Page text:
Since we were each other’s best friends, we were able to stand by each other when troubles and trials came and not blame the other person but pray together to see how God would show us the way forward. This was helpful when we opened our home to four young men who needed somewhere to stay. They remain firm friends. Our own four boys learned to have compassion for those not as fortunate as ourselves and we are thrilled to watch as through the years they in turn have cared for others and shared their lives with people from all walks of life. For 12 years we were able to have my mother live with us after my father died and thanks to a generous interest-free loan from friends, we built a full granny flat to accommodate our grandma. Again, we supported each other in this endeavour and our boys learnt more life lessons.

From time to time, people would ask how we managed our marriage with respect to ‘who was in charge’ or ‘who had the final say when decisions had to be made’. We could always reply that God was in charge and that we didn’t have to have a ‘boss’ in our home or either of us being solely responsible for the spiritual life of our family.  We have always considered our life a merger of two individuals becoming one, without losing our distinct personalities, gifts and abilities. Our key verse which we often share with others approaching marriage, comes from Colossians: “Be kind to one another, tender-hearted, forgiving one another as Christ has forgiven you.”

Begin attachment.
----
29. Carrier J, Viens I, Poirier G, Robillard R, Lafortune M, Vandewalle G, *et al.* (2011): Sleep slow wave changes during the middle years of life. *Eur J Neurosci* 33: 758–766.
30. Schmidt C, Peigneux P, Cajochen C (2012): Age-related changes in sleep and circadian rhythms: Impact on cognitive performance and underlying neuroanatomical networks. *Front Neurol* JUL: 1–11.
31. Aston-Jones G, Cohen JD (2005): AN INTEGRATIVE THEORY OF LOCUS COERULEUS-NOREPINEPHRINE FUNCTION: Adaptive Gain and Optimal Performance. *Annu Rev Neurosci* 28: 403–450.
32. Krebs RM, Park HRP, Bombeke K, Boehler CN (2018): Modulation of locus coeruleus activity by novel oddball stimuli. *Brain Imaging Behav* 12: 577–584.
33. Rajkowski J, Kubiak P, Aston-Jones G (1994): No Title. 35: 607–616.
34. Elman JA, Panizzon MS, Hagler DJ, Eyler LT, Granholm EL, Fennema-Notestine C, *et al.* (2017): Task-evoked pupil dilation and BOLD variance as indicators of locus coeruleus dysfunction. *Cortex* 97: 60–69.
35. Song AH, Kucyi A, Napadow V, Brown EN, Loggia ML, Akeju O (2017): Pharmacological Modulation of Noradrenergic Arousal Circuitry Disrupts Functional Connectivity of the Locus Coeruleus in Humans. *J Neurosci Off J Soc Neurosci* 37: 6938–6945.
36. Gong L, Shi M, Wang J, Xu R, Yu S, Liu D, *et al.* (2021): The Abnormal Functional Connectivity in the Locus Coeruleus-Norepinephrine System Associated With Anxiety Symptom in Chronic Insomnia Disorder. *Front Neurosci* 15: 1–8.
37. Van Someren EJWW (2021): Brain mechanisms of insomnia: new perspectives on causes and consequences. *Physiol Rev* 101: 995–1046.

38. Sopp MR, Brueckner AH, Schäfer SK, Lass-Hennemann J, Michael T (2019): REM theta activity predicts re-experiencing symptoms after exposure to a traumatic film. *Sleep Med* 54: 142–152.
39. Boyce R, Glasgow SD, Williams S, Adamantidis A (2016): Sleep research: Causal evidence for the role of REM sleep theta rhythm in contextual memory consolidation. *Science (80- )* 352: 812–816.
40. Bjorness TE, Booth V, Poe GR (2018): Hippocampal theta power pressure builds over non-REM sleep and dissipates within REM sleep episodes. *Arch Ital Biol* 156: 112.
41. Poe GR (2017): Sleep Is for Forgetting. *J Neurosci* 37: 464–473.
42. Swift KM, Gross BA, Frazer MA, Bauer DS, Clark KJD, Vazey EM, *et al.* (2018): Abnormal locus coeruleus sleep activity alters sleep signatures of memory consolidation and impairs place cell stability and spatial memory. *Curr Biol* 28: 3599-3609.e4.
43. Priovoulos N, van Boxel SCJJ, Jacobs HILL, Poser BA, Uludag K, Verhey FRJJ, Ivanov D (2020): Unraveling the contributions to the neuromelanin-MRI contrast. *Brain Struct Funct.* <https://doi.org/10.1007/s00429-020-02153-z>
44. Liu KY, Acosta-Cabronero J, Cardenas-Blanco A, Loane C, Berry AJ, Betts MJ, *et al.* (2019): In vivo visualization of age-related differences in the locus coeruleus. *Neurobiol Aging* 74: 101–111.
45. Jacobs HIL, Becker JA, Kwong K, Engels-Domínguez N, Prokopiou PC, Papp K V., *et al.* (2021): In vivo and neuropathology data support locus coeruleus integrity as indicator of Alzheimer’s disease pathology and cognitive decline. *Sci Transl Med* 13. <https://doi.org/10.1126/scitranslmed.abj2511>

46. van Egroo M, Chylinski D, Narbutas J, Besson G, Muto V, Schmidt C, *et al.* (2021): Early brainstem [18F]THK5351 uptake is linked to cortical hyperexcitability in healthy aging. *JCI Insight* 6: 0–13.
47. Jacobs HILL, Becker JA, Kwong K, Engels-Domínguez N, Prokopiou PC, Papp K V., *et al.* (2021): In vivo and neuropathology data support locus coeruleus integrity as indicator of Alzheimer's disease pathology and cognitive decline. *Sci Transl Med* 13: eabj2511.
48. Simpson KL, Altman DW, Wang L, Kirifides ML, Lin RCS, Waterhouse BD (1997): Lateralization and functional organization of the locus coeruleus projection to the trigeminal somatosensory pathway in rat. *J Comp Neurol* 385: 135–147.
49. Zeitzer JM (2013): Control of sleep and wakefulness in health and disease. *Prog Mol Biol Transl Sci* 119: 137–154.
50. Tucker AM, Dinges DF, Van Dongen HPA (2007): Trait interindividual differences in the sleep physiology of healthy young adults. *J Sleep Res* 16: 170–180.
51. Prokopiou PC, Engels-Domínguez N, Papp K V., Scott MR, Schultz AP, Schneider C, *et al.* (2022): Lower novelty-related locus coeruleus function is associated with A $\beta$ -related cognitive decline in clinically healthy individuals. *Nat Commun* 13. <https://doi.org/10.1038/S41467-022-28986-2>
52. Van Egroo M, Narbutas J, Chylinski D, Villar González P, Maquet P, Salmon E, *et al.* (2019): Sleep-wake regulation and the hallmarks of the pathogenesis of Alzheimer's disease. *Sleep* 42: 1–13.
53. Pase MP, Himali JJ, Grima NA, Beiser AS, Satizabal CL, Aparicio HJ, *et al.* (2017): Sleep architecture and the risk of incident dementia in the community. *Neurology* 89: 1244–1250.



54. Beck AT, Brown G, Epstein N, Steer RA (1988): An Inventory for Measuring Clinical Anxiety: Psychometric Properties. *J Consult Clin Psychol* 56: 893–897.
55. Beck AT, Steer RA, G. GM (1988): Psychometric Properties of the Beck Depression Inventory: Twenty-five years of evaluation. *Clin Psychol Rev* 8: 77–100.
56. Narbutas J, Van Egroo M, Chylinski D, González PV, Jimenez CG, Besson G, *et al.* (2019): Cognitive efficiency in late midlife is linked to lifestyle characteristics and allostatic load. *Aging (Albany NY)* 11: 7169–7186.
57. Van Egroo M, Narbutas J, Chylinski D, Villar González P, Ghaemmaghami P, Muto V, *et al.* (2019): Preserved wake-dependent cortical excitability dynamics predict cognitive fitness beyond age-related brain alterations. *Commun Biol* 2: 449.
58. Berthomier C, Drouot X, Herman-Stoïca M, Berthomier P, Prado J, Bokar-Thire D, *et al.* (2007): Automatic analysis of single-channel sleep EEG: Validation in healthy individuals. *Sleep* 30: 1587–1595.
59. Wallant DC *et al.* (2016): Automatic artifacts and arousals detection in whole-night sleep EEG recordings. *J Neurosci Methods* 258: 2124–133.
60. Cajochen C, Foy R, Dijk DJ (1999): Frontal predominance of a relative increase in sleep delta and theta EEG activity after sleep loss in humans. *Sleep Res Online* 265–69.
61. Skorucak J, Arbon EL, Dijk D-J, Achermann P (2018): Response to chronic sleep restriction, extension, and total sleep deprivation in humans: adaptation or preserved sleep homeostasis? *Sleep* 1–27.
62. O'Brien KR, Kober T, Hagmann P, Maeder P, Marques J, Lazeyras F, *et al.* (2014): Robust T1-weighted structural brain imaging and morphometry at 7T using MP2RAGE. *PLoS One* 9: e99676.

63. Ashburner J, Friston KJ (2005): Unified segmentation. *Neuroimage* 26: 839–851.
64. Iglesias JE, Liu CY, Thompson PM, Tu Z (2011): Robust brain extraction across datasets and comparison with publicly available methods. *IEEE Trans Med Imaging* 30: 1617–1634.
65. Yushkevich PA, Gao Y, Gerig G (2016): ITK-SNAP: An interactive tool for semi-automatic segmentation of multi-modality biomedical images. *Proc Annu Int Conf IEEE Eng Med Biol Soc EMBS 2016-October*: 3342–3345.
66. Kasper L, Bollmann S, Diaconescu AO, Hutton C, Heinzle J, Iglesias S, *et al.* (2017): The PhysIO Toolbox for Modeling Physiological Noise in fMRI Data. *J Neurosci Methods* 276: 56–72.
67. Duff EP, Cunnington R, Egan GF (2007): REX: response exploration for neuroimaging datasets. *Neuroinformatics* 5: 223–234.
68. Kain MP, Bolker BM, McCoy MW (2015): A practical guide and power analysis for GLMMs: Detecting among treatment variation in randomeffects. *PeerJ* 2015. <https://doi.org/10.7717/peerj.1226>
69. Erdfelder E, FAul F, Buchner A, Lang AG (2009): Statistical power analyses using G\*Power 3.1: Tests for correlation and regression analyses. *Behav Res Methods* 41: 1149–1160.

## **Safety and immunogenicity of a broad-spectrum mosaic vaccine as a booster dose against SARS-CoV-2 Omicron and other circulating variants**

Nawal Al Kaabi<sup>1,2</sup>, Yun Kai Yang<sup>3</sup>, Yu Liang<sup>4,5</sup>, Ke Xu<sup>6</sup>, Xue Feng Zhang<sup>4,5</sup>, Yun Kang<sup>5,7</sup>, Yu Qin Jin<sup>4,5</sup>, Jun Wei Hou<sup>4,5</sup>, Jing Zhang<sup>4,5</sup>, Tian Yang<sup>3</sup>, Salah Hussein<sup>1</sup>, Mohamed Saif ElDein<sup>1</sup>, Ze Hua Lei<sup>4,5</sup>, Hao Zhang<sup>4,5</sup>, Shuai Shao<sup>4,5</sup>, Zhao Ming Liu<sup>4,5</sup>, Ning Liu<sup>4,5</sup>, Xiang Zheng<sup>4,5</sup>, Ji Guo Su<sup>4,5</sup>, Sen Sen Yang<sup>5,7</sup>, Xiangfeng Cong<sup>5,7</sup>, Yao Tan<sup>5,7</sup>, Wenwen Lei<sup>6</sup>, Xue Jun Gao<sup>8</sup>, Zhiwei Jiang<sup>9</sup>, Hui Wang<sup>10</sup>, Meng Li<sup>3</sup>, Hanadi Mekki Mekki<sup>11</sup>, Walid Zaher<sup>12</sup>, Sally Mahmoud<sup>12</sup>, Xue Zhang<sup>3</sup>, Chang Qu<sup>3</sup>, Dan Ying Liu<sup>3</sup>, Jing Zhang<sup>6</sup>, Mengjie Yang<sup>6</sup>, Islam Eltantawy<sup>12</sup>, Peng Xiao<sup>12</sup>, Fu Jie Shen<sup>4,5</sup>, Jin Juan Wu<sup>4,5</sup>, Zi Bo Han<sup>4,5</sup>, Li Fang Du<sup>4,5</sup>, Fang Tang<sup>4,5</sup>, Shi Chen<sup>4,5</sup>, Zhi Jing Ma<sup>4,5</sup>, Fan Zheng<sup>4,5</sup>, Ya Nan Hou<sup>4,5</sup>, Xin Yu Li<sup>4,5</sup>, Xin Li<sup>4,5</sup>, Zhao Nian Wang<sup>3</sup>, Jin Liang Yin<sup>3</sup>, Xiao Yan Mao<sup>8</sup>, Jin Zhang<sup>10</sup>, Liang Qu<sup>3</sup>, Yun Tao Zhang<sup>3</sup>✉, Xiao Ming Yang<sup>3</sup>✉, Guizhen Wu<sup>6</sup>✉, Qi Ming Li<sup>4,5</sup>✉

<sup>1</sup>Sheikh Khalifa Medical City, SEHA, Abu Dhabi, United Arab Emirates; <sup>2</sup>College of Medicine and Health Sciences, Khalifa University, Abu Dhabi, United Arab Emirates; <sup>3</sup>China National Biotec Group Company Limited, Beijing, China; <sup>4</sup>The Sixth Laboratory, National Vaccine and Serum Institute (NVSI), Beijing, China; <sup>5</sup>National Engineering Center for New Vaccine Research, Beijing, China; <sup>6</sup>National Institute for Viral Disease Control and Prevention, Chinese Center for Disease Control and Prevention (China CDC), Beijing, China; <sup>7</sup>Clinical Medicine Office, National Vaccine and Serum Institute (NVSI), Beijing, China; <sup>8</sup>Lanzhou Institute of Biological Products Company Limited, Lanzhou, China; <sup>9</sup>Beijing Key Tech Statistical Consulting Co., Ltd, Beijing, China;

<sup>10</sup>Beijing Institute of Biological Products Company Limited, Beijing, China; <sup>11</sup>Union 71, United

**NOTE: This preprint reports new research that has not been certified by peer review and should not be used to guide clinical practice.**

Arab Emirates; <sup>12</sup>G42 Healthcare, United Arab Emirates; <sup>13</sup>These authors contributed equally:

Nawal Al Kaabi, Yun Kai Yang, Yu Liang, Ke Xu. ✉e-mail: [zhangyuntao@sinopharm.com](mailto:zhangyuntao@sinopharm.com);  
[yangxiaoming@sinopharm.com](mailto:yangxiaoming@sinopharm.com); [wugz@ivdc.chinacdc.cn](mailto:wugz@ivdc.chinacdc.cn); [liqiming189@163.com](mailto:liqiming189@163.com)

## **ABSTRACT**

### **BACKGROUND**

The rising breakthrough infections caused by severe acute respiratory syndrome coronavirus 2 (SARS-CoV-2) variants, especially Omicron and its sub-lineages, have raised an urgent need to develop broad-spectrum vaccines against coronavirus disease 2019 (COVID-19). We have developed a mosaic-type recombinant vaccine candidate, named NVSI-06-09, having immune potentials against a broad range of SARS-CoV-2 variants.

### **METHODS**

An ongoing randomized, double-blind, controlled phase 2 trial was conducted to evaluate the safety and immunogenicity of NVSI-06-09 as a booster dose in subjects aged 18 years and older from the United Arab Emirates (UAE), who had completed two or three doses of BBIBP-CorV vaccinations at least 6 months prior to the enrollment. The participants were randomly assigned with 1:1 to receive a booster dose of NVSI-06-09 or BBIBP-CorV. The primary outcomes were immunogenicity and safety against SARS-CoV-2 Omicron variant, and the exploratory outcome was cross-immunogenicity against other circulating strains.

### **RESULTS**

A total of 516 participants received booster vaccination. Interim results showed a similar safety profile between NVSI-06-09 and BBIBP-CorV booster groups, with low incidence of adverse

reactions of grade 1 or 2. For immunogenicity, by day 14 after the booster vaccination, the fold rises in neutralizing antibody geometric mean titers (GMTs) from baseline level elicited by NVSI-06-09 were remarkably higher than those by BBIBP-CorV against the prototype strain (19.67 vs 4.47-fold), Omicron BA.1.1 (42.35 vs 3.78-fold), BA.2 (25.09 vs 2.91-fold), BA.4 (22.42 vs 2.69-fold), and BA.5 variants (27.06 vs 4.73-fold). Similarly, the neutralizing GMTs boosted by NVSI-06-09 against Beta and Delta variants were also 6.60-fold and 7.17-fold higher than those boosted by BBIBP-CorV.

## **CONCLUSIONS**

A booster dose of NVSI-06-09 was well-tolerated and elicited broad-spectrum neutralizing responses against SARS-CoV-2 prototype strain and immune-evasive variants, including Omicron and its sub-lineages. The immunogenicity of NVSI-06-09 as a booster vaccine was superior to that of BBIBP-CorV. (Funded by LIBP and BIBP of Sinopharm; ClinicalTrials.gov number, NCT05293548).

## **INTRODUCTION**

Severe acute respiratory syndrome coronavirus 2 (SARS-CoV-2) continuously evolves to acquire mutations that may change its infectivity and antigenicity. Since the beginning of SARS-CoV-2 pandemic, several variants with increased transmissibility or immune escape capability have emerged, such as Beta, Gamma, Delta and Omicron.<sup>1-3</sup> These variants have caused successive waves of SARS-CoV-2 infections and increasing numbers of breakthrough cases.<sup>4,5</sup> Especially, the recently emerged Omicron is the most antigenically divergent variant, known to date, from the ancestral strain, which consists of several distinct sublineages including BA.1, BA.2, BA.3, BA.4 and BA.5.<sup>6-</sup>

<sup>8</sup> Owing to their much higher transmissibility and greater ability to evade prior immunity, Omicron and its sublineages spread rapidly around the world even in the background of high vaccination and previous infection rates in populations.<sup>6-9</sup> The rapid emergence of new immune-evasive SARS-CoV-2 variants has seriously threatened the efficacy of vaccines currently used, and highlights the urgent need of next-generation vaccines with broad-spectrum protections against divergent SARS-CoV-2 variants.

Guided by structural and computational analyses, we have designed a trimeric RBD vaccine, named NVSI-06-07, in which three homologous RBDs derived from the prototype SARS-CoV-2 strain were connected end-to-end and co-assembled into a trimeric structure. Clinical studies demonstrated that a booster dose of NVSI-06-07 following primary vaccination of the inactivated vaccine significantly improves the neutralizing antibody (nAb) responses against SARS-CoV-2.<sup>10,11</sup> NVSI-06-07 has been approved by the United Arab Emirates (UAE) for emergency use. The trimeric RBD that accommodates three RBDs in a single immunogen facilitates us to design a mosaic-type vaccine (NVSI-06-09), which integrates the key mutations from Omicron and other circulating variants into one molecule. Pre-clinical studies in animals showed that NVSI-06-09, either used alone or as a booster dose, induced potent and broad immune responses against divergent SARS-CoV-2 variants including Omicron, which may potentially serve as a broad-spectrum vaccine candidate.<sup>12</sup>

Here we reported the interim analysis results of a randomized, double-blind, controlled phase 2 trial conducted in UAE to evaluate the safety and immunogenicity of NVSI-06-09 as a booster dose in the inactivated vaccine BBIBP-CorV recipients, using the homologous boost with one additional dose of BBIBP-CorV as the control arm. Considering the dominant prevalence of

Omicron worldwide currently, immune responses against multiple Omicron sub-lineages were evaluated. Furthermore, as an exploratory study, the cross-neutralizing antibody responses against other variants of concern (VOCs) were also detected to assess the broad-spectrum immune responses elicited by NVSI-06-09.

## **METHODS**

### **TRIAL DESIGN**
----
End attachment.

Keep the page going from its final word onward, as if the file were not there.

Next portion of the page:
Now in our later years, we are so grateful to God for our love and companionship as we face old age with the confidence that God will continue to direct our way and continue to provide all we need.

Liz Sykes calls herself a much-loved child of God; disciple of Jesus, wife, mother, grandma, mentor, Bible teacher, musician, and retiree (76) who loves being away in the bush with her best friend, husband Trevor.

Read Liz’s story and Trevor’s sequels in future The Together Project blogs.

Part One – Trevor’s journey to faith

Part One – Trevor’s journey to faith

Liz and Trevor Sykes tell their story of working together in marriage and in the church (in four parts).

Trevor explains how his early attitudes to marriage and women were formed in his disrupted family life and years in the navy.

My parents separated when I was 2 and divorced when I was 4. I was the only child of the original marriage and my parents each remarried and began new families. My grandparents were the most stable influence in my life at that time and my mother, her new husband and I lived with them for a number of years. My mother sent me to a Methodist Sunday School, and that was my first contact with the Christian faith. I wasn’t aware of absorbing much of the teaching but it initiated in me a God-consciousness.

I hadn’t seen my father since I was 4 but when I was 10, a neighbour told me where he was working, not far from my grandparents. I could ride my bike there and meet up with him. Naturally, he was pleased to see me and made a fuss of me, so much so, that I couldn’t stop talking about him – very upsetting to my mother and stepfather. Mum gave me an ultimatum, if I kept behaving this way I would go and live with my father.